A Theology of Reconciliation in the midst of Racial Strife

Though racial strife and divisions have always been present in our country, events of this past year — the killings of Black men and women by police officers, the tragic shooting in Charleston, SC and countless other incidents — have brought this painful and complex issue into the national conversation in a profound way. 

During these times of crisis, what is our theology of reconciliation? How should we respond as Christians?


Individual or systemic response?

There are those who believe that Christians should respond by focusing on changing individuals, and as those individuals experience spiritual conversion that radically changes their lives, lives around them as well as our society are changed for good. Others believe that change is not possible unless Christians address the systems and structures that can perpetuate evil.

I believe that both individual and systemic responses are necessary if real and lasting change is to come spiritually in the souls of people and socially in the healing of communities in the pursuit of justice.

The Bible teaches that God has reconciled us to himself through his son Jesus Christ and imparted to us the ministry and message of reconciliation as his ambassadors and it is God who makes his appeal through us. (2 Corinthians 5:19-20) This speaks of a spiritual conversion to become a new person in Jesus Christ through his saving grace where the old is gone and the new is come. The ministry of reconciliation, then, is of a personal nature between the sinner and God.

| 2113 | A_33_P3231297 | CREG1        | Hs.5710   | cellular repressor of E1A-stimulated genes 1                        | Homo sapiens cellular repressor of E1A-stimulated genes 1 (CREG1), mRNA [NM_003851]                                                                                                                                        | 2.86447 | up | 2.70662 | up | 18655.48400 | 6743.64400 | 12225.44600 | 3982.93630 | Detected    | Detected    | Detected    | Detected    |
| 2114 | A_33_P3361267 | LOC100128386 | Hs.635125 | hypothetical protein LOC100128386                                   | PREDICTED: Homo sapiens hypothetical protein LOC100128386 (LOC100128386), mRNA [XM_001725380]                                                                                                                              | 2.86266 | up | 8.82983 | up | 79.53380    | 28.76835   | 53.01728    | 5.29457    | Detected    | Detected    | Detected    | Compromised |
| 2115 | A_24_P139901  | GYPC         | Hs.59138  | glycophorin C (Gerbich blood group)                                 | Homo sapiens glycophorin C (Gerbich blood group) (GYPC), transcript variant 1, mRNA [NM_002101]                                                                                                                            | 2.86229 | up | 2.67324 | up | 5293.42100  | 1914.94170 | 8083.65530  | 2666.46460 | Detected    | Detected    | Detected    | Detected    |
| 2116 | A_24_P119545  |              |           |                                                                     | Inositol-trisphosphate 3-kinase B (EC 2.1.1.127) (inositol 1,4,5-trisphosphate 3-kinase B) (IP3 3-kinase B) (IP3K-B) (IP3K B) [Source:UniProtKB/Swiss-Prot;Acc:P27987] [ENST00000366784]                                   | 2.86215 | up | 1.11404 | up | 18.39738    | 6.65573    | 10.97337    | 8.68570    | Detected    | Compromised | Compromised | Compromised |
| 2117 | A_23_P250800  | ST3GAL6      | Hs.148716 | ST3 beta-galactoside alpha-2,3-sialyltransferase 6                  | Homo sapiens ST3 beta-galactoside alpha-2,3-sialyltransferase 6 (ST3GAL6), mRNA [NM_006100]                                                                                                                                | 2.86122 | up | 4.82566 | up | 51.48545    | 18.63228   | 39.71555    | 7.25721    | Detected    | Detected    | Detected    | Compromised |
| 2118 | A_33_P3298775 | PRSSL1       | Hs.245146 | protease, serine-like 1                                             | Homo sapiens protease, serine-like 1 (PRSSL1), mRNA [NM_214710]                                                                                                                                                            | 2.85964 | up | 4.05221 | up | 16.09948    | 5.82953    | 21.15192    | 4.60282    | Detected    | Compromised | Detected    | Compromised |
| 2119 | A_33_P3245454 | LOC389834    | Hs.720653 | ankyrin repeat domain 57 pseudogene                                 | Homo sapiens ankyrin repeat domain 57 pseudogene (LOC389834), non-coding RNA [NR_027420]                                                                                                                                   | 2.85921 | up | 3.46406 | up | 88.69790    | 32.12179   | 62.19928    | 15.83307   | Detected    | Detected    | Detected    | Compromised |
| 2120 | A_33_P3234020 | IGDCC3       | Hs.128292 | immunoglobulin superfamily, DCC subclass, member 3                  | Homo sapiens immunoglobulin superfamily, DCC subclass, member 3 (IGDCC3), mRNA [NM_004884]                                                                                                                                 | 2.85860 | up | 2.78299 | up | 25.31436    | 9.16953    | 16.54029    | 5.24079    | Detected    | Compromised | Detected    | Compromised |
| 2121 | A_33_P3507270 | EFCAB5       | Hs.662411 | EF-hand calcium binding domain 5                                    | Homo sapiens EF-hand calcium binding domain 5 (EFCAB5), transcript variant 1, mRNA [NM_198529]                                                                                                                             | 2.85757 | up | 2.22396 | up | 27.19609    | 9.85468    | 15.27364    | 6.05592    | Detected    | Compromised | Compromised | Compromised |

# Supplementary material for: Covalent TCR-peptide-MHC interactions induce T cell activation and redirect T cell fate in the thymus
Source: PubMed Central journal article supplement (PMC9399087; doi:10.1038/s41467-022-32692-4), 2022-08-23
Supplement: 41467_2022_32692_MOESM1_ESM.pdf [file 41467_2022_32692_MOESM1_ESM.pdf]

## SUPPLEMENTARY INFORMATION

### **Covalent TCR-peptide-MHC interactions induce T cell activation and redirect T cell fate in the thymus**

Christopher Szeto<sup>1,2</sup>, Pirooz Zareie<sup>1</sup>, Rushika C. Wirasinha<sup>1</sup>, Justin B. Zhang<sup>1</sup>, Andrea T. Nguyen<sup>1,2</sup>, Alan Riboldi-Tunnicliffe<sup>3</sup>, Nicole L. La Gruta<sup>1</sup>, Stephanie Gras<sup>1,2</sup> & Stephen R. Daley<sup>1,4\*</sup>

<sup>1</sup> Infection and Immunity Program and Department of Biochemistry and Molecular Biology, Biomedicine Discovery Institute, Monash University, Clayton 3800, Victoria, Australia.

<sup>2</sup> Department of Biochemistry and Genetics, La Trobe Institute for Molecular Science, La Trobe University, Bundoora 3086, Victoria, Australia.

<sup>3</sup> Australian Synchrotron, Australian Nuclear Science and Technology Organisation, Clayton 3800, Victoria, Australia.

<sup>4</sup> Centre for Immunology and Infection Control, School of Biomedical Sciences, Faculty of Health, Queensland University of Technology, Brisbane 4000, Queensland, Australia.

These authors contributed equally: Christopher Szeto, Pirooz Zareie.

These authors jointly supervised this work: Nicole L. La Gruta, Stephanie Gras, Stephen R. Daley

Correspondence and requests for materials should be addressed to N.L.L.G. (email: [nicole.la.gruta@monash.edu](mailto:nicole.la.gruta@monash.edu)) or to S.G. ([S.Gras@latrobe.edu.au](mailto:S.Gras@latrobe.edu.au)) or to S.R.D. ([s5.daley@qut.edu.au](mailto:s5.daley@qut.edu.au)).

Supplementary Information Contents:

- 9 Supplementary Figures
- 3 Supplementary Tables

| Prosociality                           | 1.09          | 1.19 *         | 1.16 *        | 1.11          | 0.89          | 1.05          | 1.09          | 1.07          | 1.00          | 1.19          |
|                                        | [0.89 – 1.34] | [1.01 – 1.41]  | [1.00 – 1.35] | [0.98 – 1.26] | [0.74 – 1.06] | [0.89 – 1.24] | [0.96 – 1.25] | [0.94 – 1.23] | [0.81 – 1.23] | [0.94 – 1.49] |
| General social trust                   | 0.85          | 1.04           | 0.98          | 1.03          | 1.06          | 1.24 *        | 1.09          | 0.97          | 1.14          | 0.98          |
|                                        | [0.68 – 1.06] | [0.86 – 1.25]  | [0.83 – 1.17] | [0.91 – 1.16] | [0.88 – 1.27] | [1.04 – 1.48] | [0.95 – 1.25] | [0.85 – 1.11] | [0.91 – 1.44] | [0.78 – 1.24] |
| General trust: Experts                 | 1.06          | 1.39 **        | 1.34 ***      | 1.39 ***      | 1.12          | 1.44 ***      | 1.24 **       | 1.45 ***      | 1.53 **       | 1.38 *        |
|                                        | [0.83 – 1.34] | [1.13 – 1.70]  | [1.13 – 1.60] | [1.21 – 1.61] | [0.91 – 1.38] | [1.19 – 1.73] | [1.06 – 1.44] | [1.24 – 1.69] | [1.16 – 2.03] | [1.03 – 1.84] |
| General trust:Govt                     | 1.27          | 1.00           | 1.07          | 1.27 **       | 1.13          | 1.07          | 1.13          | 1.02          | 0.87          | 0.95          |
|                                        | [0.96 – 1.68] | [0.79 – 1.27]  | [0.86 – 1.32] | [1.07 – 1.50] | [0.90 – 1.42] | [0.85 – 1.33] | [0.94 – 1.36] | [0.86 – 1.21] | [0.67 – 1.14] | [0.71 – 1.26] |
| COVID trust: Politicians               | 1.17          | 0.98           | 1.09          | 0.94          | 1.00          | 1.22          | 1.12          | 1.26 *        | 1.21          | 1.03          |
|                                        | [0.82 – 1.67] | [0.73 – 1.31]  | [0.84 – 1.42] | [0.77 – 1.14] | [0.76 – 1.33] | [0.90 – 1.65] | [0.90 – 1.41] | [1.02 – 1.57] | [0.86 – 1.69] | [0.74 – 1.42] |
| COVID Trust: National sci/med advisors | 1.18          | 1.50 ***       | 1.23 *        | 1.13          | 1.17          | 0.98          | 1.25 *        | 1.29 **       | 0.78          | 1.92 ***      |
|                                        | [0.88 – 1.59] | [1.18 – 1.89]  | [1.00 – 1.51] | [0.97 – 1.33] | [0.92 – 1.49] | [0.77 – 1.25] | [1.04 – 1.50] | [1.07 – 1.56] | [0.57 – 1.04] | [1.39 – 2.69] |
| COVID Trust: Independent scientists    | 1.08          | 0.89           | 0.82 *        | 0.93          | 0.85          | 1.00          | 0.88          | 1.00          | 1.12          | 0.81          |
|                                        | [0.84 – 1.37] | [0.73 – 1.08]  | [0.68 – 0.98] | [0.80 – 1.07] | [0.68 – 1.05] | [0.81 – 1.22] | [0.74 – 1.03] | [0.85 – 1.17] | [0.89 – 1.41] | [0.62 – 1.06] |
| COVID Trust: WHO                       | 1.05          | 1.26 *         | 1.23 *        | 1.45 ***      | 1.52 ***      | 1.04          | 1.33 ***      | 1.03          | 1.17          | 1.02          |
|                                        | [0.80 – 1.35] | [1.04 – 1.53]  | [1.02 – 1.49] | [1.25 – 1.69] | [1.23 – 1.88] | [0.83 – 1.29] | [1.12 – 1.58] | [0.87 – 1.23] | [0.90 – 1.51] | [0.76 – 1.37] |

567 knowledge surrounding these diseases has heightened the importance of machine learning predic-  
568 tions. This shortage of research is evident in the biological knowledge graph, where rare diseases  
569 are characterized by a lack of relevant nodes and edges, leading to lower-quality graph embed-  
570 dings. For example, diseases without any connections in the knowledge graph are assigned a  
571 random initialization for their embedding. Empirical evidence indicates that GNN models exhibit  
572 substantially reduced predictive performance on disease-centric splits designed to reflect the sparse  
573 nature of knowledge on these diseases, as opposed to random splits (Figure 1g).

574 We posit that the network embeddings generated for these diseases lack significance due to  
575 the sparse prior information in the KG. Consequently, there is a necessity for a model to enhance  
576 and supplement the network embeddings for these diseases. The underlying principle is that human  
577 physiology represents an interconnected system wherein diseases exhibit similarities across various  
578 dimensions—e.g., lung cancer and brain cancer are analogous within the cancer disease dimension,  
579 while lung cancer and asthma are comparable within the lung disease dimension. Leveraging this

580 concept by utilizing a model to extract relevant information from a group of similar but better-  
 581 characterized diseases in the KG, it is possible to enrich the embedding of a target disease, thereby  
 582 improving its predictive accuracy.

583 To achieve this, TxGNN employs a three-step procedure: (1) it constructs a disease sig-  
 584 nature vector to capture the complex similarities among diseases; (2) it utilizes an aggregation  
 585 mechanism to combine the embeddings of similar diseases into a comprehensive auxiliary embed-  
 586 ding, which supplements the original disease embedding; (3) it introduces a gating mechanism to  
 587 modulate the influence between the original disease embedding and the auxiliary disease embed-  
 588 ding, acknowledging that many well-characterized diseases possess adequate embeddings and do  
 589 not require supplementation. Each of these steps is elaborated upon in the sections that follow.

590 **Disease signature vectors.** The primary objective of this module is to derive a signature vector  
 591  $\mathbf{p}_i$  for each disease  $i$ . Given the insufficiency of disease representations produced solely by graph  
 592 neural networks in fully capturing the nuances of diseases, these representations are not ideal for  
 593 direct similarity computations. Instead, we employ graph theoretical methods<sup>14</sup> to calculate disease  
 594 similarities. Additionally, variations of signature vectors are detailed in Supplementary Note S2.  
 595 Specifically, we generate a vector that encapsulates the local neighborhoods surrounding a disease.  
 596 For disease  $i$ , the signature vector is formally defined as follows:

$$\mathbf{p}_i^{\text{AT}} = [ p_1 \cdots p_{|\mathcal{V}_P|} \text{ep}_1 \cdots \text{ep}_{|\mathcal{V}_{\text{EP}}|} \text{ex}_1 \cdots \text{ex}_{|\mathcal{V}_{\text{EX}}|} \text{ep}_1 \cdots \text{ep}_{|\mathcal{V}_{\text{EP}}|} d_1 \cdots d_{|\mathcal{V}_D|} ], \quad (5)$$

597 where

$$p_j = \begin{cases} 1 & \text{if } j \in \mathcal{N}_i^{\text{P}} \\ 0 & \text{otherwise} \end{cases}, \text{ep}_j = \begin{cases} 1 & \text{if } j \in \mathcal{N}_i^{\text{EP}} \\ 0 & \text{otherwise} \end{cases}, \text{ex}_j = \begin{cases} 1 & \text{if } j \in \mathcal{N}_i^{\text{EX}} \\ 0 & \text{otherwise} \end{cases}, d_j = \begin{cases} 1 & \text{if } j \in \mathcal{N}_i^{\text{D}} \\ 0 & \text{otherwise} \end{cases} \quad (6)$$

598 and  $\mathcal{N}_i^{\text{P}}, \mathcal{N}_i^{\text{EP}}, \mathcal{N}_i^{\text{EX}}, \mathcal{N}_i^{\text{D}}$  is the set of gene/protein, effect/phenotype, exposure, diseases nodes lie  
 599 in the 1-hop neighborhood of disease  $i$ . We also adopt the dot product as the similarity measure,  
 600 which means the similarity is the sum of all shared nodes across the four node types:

But it is dangerous when we assume that the ministry of reconciliation stops with the individual. If we do, we are concluding that Christianity has no framework from which to understand and address relational brokenness and sin among individuals and people groups. This limits the power of the gospel to only addressing the vertical, spiritual needs of the individual with God at the neglect of presenting the power of God to heal the horizontal strife among people and across ethnic groups and nations.


Hope for Reconciliation in Ephesians

In Ephesians we know that one of the great mysteries of the gospel was that Gentiles who were once far from God now have equal access to God’s forgiveness through the peace and reconciliation with God that Jesus Christ’s death and resurrection brings. We are restored to God and to each other through the very body and blood sacrifice of Jesus. The walls that divided us from God are now torn down just as the walls of hatred and hostility that separated Jews and Gentiles are also torn down by that very same salvific work of Jesus Christ. (Ephesians 2:14-18)

It is not enough to seek to save the souls of people and care nothing about the places of ethnic and racial divides that are plaguing our nation.

The ministry of reconciliation of God includes the personal component but also, and just as importantly, the corporate, relational component between people. It is why we are told in the great commandment to love God, to love our neighbor and to love ourselves. If we focus only on individual sin and salvation we miss that fact that God cares for all nations and peoples and their relationships to each other.